You make the naïve mistake many people make of thinking the because something cannot be measured accurately that therefor it does not have a precise value. The amount of iron in the Moon has a very very precise value indeed. Ask God how much iron there is on and in the Moon and he’d tell you the figure to the nearest 0.00000001%. In contrast, astronomers might not know the quantity to better than plus or minus 10% for all I know. It is therefor perfectly permissible to write equations or get involved in discussions which assume a very very precise value for the amount of iron in the Moon. Same goes for NAIRU.

Much of the stuff I’ve written makes the latter assumption: it is helpful to make that assumption sometimes.


Auburn Parks said...

No egmont, its not about scientific idioicy. Its about the nature of the subject. Economics is not different than social psychology in this regard.

Ralph-

NAIRU is a specific claim and estimate about the way the economy works. As you discovered yourself, the Fed literally produces a NAIRU estimate and uses that estimate to determine policy. NAIRU cannot be estimated accurately, and furthermore there is zero evidence of accelearitng inflation. So there is literally nothing redeeming about the theory except to say that there is some relationship between supply labor, and inflation. Which is to say, that your support of the thing is wrong, and all of our criticisms that NAIRU is trash are correct.

What is the unemployment rate that would correspond to accelearating inflation right now Ralph?

Auburn Parks said...

The answer is that there is no unemployment rate that generates accelerating inflation. As inflation is not simply a relationship between unemployment and prices. Inflation is a result of many different types of inputs.

There are literally zero examples of low unemployment rates, even below 1% during WWII, that have resulted in accelerating inflation. You and the NAIRU crowd have no legs to stand on.

AXEC / E.K-H said...

Ralph Musgrave

You say: “You make the naïve mistake many people make of thinking the because something cannot be measured accurately that therefore it does not have a precise value.”

You make the same mistake as all illiterate persons, that is, you cannot read. What I have clearly stated is: “NAIRU is dead, not because of measurement problems, but because the underlying employment theory is false.”* The measurement problem is a side issue.**

Egmont Kakarot-Handtke

* See ‘NAIRU: an exhaustive dancing-angels-on-a-pinpoint blather’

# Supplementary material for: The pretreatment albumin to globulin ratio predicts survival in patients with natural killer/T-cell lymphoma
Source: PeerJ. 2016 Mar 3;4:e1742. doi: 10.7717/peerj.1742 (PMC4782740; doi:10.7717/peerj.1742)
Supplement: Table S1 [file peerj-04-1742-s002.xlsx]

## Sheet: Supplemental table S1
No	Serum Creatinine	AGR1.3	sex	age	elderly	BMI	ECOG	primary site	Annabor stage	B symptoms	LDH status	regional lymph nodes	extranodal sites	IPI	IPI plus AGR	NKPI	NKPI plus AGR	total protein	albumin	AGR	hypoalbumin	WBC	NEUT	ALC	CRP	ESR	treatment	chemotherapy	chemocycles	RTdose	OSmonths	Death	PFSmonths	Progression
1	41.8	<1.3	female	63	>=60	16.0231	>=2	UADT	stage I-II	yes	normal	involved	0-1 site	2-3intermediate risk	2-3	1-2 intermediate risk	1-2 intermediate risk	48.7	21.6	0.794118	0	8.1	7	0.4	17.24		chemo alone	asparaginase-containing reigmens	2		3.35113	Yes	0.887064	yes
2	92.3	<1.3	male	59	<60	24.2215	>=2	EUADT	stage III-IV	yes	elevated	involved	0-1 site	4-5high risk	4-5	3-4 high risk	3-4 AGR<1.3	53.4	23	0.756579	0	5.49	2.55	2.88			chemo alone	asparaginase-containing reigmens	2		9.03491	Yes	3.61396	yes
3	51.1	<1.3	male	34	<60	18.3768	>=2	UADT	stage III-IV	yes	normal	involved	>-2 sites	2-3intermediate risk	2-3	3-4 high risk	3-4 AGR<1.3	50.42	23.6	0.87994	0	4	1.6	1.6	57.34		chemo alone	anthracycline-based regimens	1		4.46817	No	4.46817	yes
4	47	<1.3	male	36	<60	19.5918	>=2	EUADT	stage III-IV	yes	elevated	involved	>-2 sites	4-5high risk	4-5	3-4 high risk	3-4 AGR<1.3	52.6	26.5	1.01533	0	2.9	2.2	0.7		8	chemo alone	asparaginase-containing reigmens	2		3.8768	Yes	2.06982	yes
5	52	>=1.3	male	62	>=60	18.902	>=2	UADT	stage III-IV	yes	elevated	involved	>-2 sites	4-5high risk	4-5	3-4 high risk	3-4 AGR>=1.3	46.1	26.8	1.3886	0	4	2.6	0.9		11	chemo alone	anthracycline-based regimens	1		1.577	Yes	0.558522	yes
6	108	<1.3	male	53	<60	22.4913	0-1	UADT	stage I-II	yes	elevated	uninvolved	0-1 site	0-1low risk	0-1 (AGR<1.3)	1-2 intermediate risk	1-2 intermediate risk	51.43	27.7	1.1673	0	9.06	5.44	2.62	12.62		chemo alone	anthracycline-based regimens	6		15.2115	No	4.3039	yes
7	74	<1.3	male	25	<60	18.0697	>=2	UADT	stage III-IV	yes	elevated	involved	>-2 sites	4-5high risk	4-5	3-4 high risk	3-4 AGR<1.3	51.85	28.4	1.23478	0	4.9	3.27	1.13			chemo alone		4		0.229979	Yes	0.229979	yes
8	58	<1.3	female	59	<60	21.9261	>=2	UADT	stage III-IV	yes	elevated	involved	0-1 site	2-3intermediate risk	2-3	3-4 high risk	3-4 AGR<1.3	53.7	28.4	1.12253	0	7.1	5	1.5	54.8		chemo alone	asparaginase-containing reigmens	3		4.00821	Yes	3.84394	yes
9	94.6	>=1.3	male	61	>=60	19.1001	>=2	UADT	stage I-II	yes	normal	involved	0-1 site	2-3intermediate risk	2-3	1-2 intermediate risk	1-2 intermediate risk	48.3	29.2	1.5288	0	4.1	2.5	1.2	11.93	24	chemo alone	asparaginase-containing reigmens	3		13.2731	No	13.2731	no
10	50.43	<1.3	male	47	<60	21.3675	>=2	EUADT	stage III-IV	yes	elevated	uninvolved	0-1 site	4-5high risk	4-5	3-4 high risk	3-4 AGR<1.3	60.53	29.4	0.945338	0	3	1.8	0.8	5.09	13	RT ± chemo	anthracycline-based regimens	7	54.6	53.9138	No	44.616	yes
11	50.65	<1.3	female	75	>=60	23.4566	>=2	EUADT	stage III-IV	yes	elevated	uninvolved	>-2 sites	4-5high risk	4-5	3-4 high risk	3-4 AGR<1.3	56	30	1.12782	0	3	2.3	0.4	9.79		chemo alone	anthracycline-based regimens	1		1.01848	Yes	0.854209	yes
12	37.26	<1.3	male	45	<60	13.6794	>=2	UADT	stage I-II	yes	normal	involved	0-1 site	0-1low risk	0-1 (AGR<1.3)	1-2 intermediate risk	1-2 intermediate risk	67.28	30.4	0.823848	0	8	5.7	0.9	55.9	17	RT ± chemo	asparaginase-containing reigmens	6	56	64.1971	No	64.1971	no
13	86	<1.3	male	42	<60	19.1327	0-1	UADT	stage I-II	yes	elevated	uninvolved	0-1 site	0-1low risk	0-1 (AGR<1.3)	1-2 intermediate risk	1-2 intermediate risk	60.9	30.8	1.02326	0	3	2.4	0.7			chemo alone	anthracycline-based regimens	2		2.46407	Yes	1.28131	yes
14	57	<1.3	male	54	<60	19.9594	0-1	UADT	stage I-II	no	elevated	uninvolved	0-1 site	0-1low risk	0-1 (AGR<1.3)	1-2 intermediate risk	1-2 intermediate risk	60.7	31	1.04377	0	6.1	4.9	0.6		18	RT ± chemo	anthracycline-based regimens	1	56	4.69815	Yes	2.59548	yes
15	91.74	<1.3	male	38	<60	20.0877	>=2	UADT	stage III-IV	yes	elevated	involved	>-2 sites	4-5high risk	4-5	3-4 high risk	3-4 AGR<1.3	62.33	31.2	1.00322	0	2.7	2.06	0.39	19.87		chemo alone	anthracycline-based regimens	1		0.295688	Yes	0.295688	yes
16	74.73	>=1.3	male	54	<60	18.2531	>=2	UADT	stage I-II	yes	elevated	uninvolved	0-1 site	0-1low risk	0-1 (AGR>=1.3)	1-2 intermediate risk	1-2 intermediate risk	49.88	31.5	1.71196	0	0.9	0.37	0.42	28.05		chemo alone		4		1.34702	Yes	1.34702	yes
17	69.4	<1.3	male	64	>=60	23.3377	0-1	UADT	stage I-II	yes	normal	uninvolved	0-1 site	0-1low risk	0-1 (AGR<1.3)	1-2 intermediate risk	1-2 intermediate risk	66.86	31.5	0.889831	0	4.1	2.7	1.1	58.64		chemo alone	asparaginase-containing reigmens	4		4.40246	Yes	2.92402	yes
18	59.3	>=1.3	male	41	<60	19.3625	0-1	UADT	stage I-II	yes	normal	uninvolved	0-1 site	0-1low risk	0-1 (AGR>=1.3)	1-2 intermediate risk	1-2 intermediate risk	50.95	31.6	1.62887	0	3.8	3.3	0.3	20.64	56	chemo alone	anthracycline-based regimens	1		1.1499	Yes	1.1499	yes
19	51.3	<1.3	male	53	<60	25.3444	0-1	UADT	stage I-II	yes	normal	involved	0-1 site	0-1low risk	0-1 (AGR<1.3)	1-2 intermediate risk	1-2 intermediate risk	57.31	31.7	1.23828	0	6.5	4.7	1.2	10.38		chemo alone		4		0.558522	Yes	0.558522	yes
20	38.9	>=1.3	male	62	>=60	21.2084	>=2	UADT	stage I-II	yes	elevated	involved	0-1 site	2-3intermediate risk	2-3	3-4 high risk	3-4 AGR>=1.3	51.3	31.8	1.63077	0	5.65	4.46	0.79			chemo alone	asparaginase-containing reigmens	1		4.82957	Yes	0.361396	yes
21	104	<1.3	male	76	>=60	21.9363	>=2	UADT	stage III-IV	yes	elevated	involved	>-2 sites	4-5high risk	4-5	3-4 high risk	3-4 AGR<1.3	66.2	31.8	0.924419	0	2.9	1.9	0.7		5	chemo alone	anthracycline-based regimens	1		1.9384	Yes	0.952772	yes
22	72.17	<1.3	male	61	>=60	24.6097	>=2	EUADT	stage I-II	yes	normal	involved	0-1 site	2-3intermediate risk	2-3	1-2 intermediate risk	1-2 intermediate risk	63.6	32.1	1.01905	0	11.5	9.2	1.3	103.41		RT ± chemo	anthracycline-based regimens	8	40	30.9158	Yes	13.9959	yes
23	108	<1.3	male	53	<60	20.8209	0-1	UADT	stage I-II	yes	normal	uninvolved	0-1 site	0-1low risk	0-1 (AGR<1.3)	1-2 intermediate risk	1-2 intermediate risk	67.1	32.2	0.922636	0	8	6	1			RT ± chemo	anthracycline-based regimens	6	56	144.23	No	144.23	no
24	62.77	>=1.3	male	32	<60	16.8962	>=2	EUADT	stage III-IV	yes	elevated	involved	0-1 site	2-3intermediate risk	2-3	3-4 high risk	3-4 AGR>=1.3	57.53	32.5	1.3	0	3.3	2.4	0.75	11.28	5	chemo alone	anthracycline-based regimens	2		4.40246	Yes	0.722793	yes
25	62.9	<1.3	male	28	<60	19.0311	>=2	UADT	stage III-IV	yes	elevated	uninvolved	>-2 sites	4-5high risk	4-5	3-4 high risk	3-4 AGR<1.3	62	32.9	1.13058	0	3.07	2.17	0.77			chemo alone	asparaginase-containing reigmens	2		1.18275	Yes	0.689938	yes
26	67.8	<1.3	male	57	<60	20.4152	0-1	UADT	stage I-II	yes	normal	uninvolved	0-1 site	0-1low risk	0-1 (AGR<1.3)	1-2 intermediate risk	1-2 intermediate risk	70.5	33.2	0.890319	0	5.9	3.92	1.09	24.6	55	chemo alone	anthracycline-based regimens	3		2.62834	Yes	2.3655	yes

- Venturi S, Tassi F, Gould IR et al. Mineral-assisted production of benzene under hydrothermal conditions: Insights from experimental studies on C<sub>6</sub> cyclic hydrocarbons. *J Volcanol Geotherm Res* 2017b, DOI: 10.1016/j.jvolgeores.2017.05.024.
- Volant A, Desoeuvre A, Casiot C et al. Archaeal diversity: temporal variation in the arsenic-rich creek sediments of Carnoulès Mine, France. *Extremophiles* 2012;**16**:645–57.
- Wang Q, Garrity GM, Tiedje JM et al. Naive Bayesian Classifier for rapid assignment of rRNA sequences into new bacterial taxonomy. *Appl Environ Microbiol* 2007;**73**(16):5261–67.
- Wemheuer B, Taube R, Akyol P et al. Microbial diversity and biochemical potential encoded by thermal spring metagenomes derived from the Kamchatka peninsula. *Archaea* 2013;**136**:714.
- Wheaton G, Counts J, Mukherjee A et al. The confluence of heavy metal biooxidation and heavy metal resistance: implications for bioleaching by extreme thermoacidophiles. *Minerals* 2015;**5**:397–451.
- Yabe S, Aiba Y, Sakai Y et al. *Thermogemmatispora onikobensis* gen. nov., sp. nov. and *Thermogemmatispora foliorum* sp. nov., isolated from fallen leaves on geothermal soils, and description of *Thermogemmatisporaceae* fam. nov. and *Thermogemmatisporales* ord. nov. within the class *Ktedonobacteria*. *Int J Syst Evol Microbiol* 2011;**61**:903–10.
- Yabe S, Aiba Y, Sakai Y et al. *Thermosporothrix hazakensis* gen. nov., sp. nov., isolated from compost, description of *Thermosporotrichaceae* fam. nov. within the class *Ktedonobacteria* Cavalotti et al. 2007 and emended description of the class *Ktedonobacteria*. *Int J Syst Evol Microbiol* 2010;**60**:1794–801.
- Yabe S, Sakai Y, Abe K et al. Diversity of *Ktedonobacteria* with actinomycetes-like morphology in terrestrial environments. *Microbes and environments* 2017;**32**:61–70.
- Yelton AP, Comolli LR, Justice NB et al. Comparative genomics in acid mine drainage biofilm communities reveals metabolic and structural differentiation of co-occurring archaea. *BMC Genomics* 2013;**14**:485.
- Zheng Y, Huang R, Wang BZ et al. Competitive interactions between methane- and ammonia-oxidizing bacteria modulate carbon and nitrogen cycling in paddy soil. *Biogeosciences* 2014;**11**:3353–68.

http://axecorg.blogspot.de/2017/02/nairu-exhaustive-dancing-angels-on.html
** See ‘NAIRU and the scientific incompetence of Orthodoxy and Heterodoxy’
http://axecorg.blogspot.de/2017/02/nairu-and-scientific-incompetence-of.html

AXEC / E.K-H said...

Auburn Parks

The moronic part of economists, i.e. the vast majority, maintains that economics is a social science. Time to wake up to the fact that economics is a system science.#1

Economics is NOT a science of individual/social/political behavior — this is the social science delusion — but of the behavior of the monetary economy . All Human-Nature issues are the subject matter of other disciplines (psychology, sociology, anthropology, biology/ Darwinism, political science, social philosophy, history, etcetera) and are taken in from these by way of multi-disciplinary cooperation.#2

The economic system is subject to precise and measurable systemic laws.#3

Egmont Kakarot-Handtke

#1 See ‘Lawson’s fundamental methodological error and the failure of Heterodoxy’
http://axecorg.blogspot.de/2016/03/lawsons-fundamental-methodological.html
#2 See ‘Economics and the social science delusion’
http://axecorg.blogspot.de/2016/03/economics-and-social-science-delusion.html
#3 See ‘The three fundamental economic laws’
http://axecorg.blogspot.de/2016/03/the-three-fundamental-economic-laws.html

Tom Hickey said...

But whoever said there WAS a constant relationship? Certainly not the Fed.

Not now. They had to learn this by first the NAIRU model that assumed a natural rate and cet. par., and then the difficulty of writing a rule that could be applied across time.

Too many confounding factors involved that are not directly related to employment or the interest rate.

And there are still people calling for a rule.

Noah Way said...

"Economic science" is an oxymoron.

AXEC / E.K-H said...

Noah Way

You say: “’Economic science’ is an oxymoron.”

It is, first of all, of utmost importance to distinguish between political and theoretical economics. The main differences are: (i) The goal of political economics is to successfully push an agenda, the goal of theoretical economics is to successfully explain how the actual economy works. (ii) In political economics anything goes; in theoretical economics the scientific standards of material and formal consistency are observed.

Political economics has produced NOTHING of scientific value in the last 200+ years. The four majors approaches — Walrasianism, Keynesianism, Marxianism, Austrianism — are mutually contradictory, axiomatically false, and materially/formally inconsistent.

A closer look at the history of economic thought shows that theoretical economics (= science) had been hijacked from the very beginning by the agenda pushers of political economics. These folks never rose above the level of vacuous econ-waffle. The whole discussion from Samuelson/Solow’s unemployment-inflation trade-off to Friedman/Phelps’s natural rate to the rational expectation NAIRU is a case in point.